Auction Market Theory (AMT) is a cornerstone concept in the world of trading, providing valuable insights into the inner workings of markets and enabling traders to make informed decisions. Pioneered by Peter Steidlmayer and later popularized by James Dalton in his book “Mind Over Markets: Power Trading with Market-Generated Information,” AMT has become an essential framework for Market Profile traders to understand and navigate the complex dynamics of financial markets.
At its core, AMT revolves around the fundamental principle that financial markets are nothing more than a continuous auction process, where buyers and sellers interact to determine the fair value of assets. This interaction forms the basis of price discovery, with prices constantly adjusting to reflect new information and participants’ changing expectations.
Market Profile is a powerful tool that brings the concepts of AMT to life. It visualizes the distribution of trading activity over time, providing a unique perspective on market behavior, structure, and trends. By understanding the nuances of Market Profile, traders can leverage AMT’s insights to identify high-probability trading opportunities and make more informed decisions.
By integrating the principles of Auction Market Theory with the power of Market Profile, traders can elevate their market understanding and trading performance. By embracing these concepts, traders can develop a more nuanced and strategic approach to the markets, better positioning themselves for success in the ever-evolving world of trading.
Auction Market Principles
The Auction Market Principles, as explained in James Dalton’s book “Markets in Profile,” are a set of guidelines for understanding how markets operate and how price discovery occurs within them. The principles are based on the idea that markets are auction-based systems where buyers and sellers come together to determine the value of a particular asset.
The principles can be summarized as follows:
The market is a two-way auction process: Every market consists of buyers and sellers who are trying to establish fair value for the asset being traded. Both sides of the market are constantly competing to discover the true value of the asset.
The market structure is made up of three components: The three components of market structure are the market participants (buyers and sellers), the auction process (the mechanism by which buyers and sellers interact), and the market environment (the external factors that impact the market).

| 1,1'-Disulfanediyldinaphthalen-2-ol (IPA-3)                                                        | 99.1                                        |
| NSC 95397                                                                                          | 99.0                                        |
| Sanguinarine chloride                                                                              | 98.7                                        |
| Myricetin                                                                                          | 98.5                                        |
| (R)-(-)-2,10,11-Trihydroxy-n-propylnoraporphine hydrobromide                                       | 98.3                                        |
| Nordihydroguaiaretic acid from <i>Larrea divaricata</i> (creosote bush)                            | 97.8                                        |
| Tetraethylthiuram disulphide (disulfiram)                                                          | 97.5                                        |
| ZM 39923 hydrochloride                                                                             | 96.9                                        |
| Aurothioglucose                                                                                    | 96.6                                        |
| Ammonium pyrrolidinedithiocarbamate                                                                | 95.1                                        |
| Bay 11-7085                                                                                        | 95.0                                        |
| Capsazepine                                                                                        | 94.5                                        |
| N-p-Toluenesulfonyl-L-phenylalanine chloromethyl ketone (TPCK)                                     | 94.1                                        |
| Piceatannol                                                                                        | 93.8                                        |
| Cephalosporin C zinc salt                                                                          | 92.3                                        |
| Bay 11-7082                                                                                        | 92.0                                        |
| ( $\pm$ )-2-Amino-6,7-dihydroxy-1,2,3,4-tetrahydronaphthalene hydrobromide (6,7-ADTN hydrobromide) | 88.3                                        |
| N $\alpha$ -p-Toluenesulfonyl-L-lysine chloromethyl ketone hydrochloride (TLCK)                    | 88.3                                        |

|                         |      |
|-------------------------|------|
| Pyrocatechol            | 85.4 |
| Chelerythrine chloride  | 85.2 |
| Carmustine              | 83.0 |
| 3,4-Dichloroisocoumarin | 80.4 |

Markets move between two states: Markets can either be in a balance state, where buyers and sellers are evenly matched and the market is moving sideways, or in an imbalance state, where one side of the market has a dominant presence and the market is trending in that direction.
Price is the ultimate arbiter: The final determinant of value in a market is the price at which buyers and sellers are willing to transact. Prices reflect the balance between supply and demand in the market.
Markets have memory: Past market events can impact future market behavior. For example, if a market has consistently found support at a particular price level, that level may act as support again in the future.
By understanding these principles, traders can better interpret market behavior and make more informed trading decisions.
How Exchange Plays a major role in facilitating the trades by connecting buyers and sellers
In a typical auction on a stock exchange, buyers and sellers place bids and offers for a particular security, such as a stock or bond. These bids and offers are matched by the exchange’s trading system and the auction results in a transaction where the highest bid price matches the lowest offer price.
The exchange plays a critical role in facilitating the auction process. It provides a platform for buyers and sellers to interact and execute trades, as well as ensures that all trades are conducted fairly and transparently. The exchange also provides market data and other information to help market participants make informed decisions about their bids and offers.
In addition, the exchange sets rules and regulations that govern the auction process, such as minimum tick sizes and trading hours. These rules help ensure that the auction is conducted in a standardized and consistent manner, which promotes market efficiency and stability.